Overall, home sales continue at healthy levels and demand remains strong. In the Chicago District, existing home sales remained brisk in most areas, exceeding expectations. Home sales have strengthened since February in the Kansas City region, while Realtors in the Richmond District report significant increases in home sales. Many areas of the St. Louis region are being referred to as a "sellers market," and the New York housing market is described as "tight." Boston markets are characterized by strong demand and improving sales. Most Realtors in the Atlanta District said that home sales were mixed in March and flat in early April.

Commercial construction continued at strong levels in most Districts, although there were a few reports of slowing activity. In the Atlanta District, continuing high levels of commercial building fell somewhat below the year-ago level. Construction is described as strong in the Chicago District and continues at a brisk pace in the San Francisco District. Occupancy rates stabilized during the first quarter in New York, while leasing costs escalated. Construction is running ahead of last year's levels in the Minneapolis region, while development was recently mixed in markets in the Cleveland District.

Financial Services
District reports on banking activity indicated that overall loan demand remains fairly strong. The Dallas, Atlanta, and Chicago Districts report that lending growth was robust. Lending increased in the Philadelphia, Kansas City, and New York Districts but declined in the St. Louis District and was mixed across sectors in Cleveland. Consumer credit grew strongly in the Dallas, Atlanta, and Chicago Districts, leveled off in the Cleveland and St. Louis Districts, and decreased slightly in the Kansas City District. Commercial loan demand was strong in the Richmond and Chicago Districts, expanded in the Philadelphia, Kansas City, Atlanta, St. Louis, and New York Districts, and flattened in the Dallas and Cleveland Districts. Mortgage demand grew in Kansas City. Refinancing slowed in the Richmond, Atlanta, and New York Districts.

Credit quality was little changed overall. In New York there was some tightening of standards for commercial loans, and delinquency rates fell on consumer loans. The quality of business and consumer loans was good, and consumer delinquencies were down in Chicago. There have been no changes in credit quality, and consumer and commercial delinquencies remain low in Cleveland, and little change in credit standards in the Richmond region. Intense competition may have led to some relaxation in terms and covenants in the commercial sector in Atlanta.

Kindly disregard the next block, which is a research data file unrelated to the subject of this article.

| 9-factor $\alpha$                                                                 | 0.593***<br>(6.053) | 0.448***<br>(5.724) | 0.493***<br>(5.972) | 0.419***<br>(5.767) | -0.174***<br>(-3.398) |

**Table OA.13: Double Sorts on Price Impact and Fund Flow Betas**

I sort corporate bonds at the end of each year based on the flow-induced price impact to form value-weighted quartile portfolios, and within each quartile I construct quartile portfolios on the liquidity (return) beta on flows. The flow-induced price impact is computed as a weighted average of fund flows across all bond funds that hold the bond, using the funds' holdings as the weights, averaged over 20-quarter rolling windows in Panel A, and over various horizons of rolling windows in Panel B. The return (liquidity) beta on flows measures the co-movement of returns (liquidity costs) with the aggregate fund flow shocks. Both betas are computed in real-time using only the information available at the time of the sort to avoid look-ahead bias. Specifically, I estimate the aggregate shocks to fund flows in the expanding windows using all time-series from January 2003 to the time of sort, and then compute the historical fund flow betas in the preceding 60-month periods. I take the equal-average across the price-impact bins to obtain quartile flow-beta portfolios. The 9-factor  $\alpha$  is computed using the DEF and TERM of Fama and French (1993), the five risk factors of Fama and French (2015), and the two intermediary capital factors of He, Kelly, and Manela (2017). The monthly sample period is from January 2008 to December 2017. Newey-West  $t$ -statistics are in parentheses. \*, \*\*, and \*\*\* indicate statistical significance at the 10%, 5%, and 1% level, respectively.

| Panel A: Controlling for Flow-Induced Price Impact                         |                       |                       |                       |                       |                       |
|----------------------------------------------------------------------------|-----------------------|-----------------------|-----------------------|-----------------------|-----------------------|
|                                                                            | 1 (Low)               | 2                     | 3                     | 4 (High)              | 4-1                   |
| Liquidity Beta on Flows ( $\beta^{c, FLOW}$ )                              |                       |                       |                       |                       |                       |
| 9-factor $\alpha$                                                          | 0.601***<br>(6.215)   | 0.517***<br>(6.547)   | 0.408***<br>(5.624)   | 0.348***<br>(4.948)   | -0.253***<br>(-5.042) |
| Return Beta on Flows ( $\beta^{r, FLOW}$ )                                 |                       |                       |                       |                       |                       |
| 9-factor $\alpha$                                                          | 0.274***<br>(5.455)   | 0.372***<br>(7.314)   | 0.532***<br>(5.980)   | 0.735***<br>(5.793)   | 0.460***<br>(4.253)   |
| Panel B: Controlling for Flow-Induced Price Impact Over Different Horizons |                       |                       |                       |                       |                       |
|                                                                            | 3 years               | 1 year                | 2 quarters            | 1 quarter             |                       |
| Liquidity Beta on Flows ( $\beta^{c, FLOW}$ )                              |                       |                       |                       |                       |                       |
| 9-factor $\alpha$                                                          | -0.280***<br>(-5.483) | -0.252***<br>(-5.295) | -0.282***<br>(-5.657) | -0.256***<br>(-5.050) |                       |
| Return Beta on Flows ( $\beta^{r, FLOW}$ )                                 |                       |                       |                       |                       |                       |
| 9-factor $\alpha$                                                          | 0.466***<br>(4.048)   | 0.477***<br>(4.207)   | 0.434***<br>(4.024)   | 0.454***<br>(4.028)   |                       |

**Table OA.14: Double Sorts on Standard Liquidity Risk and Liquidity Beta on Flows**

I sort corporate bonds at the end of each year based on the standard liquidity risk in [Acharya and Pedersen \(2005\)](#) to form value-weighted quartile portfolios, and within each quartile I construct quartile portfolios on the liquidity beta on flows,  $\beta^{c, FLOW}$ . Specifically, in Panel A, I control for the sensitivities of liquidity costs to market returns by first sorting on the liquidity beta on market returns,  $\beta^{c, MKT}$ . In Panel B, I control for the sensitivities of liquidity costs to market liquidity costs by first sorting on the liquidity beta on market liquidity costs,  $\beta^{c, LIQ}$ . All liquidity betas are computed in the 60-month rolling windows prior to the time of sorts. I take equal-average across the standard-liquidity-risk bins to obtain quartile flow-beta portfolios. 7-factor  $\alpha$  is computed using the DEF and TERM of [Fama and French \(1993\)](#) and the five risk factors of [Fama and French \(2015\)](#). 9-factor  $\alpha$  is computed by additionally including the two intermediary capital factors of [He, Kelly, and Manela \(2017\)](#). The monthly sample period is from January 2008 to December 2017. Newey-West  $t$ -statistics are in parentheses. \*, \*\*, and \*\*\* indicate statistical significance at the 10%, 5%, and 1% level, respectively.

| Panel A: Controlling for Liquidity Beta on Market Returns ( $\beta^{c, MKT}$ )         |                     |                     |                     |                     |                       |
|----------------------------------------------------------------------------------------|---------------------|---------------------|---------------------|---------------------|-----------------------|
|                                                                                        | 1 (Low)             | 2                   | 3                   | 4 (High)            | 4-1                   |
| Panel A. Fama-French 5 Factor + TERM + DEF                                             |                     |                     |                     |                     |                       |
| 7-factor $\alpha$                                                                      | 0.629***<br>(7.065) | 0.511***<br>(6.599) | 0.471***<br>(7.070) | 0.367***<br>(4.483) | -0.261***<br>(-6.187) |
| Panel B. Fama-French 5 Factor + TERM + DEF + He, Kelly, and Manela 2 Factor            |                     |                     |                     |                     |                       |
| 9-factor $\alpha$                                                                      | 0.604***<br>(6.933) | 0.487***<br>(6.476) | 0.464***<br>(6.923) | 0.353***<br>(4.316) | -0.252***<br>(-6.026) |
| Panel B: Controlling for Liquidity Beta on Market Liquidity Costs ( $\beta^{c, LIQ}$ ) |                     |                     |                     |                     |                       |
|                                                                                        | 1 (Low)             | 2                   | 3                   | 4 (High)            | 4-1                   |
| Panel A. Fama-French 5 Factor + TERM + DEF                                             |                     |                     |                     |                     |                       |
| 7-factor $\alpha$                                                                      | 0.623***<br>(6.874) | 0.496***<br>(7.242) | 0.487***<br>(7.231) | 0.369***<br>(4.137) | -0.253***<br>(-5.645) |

Agriculture and Natural Resources
Agricultural reports were mixed across the country in March and early April. In Minneapolis, agriculture is still in the doldrums, as depressed livestock, corn, soybean, and wheat prices continue to hurt farmers. While Texas livestock conditions remained mostly good, lack of winter preparation damaged some of the wheat crop. Farmers made good progress on spring tillage and planting in recent weeks reports the Richmond District, and in the Kansas City District the winter wheat crop remains in good shape, and growing conditions continue to be generally favorable. Reports from Chicago indicate that low commodity prices continued to adversely impact farmers as spring plantings began; sales of many agricultural products were hampered by weak export demand in San Francisco. Weather has been favorable for farmers, and crops are reported to be ahead of schedule for the season in the Cleveland District, while St. Louis reports that favorable weather conditions and abundant moisture levels have resulted in a winter wheat crop that is in mostly good-to-excellent condition.

The energy sector is stabilizing. Natural gas exploration has picked up recently, but oil exploration still remains weak in the Minneapolis District. In the Dallas District, drilling has not increased in response to higher oil and natural gas prices. After declining in March, the rig count in the Kansas City District began to edge up during the first few weeks in April, and Atlanta reports that rising oil and gas prices have improved the outlook for Louisiana companies linked to the oil and gas industry.

Wages and Prices
Most Districts continue to report tight labor markets, but there were no reports of significant pickup in wage increases. Some reports, however, indicate that firms are increasing non-wage compensation for higher-level personnel and are using hiring and retention bonuses to attract and hold on to skilled workers. In Chicago, concerns about labor shortages have become more pronounced. Shortages of qualified truck drivers have slowed shipping growth in Atlanta, St. Louis, and Chicago. In Minneapolis and New York, labor shortages have forced manufacturing plants to move to other regions. Tight labor markets in St. Louis are affecting many firms' plans for expansion or relocation, but wage pressures remain subdued. Labor shortages are adversely affecting builders in the Atlanta and Dallas Districts. Despite continued remarks noting tight labor markets in St. Louis, comments about wage pressures from contacts there have been "noticeably lacking."

Most prices remain stable. Building materials prices, especially for sheetrock, are increasing in the Atlanta, Kansas City, Cleveland, Minneapolis, and Boston regions. Contracted services costs have increased in New York. Low commodity prices in Minneapolis persist in depressing farm income and are curbing metal mining.

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Last update: May 5, 1999